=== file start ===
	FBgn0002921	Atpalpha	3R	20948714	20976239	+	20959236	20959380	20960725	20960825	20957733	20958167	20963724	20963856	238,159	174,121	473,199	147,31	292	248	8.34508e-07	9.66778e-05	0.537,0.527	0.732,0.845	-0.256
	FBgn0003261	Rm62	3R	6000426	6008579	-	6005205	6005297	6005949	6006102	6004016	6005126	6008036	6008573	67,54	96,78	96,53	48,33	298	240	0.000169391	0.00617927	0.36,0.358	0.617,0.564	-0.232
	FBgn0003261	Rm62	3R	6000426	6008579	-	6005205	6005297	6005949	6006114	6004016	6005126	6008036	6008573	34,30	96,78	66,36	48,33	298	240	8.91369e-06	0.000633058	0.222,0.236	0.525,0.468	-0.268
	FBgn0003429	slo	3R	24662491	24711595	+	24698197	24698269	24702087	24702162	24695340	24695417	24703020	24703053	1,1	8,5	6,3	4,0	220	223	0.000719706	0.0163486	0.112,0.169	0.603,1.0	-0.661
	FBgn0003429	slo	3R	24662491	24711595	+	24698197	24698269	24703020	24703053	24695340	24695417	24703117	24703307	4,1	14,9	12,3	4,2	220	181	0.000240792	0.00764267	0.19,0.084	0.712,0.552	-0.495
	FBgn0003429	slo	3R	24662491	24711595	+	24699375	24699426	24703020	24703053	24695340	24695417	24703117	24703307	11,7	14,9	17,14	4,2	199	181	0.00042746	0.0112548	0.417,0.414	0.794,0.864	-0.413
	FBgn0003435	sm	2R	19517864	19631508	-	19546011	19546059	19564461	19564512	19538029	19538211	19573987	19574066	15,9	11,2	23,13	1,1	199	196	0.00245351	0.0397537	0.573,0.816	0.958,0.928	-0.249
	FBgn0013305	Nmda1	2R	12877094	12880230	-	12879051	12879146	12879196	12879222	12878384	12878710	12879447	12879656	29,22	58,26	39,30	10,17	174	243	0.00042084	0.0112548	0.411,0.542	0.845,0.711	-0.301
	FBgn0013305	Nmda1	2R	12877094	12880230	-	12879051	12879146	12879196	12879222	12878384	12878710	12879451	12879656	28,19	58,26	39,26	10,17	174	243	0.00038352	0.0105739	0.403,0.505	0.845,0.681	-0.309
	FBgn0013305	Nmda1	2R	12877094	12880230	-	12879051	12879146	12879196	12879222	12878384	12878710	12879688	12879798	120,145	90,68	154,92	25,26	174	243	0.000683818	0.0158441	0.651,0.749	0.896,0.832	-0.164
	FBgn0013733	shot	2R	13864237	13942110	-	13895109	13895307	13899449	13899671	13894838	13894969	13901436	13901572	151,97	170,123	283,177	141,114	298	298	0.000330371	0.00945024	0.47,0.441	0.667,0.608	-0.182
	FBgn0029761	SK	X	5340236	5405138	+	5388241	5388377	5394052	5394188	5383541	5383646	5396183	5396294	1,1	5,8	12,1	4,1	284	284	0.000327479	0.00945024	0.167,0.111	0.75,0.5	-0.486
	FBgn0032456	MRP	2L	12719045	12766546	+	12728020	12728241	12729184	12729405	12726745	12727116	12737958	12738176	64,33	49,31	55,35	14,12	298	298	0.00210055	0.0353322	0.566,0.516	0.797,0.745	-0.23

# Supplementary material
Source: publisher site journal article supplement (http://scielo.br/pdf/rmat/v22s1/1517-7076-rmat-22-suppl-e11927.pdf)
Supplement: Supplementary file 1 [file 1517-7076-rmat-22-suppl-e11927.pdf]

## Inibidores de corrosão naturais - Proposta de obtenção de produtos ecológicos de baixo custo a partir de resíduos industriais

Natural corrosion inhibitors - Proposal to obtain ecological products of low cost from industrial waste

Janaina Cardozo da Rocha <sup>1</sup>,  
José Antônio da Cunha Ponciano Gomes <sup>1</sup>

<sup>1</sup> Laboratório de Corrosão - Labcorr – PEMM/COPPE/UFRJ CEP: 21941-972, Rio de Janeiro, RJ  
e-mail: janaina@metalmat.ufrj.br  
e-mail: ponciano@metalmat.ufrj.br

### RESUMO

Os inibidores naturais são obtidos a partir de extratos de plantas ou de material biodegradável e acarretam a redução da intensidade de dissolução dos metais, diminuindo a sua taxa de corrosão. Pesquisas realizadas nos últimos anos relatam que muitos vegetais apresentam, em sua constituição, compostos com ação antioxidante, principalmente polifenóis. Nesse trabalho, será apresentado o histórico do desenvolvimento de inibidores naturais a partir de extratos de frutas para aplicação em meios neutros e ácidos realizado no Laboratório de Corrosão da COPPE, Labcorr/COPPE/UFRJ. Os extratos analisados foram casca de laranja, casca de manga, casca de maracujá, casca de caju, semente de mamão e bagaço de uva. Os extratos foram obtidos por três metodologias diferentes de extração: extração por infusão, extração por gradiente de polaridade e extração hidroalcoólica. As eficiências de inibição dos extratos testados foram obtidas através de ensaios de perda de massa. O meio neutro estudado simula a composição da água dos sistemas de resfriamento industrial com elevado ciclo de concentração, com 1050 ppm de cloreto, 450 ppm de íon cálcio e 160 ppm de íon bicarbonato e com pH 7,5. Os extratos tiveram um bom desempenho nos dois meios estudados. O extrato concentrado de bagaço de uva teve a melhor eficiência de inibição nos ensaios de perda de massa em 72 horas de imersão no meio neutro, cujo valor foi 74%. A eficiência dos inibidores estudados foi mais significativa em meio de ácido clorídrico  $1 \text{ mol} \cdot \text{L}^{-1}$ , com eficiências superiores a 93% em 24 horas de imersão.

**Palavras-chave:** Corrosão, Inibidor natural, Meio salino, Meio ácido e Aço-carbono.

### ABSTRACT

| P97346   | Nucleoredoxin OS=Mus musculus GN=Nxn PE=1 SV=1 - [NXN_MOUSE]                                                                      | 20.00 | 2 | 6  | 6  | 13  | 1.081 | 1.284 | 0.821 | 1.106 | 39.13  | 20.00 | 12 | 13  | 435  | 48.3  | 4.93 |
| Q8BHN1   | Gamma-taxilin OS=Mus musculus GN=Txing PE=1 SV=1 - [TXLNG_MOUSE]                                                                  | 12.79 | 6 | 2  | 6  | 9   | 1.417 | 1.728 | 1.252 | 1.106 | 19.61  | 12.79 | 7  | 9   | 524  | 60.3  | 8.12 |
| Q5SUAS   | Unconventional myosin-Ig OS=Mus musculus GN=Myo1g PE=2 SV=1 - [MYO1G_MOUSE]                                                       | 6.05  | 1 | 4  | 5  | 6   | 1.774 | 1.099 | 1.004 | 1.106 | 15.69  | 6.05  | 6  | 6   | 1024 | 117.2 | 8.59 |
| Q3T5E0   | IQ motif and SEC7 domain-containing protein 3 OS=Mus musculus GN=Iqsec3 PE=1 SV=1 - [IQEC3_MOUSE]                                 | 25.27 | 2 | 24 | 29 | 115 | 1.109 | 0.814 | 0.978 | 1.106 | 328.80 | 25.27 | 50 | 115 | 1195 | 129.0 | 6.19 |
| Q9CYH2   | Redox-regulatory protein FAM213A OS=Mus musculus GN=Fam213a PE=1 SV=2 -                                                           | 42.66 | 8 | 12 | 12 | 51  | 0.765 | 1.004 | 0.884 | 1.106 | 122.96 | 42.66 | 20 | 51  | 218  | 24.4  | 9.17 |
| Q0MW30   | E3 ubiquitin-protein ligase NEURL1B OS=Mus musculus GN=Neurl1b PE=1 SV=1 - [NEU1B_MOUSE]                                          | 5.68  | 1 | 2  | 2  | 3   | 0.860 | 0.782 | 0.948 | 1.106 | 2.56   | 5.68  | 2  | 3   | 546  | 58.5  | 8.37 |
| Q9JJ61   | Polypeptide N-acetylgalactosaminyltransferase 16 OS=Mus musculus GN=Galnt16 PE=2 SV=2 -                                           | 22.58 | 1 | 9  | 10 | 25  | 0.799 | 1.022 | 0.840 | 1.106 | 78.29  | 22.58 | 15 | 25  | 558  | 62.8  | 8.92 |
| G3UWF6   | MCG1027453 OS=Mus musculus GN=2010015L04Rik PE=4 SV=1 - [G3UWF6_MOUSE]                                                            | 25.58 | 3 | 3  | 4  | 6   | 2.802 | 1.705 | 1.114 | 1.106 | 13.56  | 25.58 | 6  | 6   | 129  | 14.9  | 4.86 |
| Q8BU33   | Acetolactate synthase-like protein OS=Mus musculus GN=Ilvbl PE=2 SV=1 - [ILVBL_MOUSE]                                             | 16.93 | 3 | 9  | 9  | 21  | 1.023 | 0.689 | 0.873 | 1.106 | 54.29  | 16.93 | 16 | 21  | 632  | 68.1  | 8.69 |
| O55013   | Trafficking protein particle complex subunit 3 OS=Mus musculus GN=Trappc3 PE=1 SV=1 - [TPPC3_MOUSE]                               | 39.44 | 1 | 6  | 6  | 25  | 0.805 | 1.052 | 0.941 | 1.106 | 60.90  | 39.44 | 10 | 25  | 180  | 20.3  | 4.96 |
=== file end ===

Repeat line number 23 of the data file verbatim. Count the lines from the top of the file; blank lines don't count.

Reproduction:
e-mail: ponciano@metalmat.ufrj.br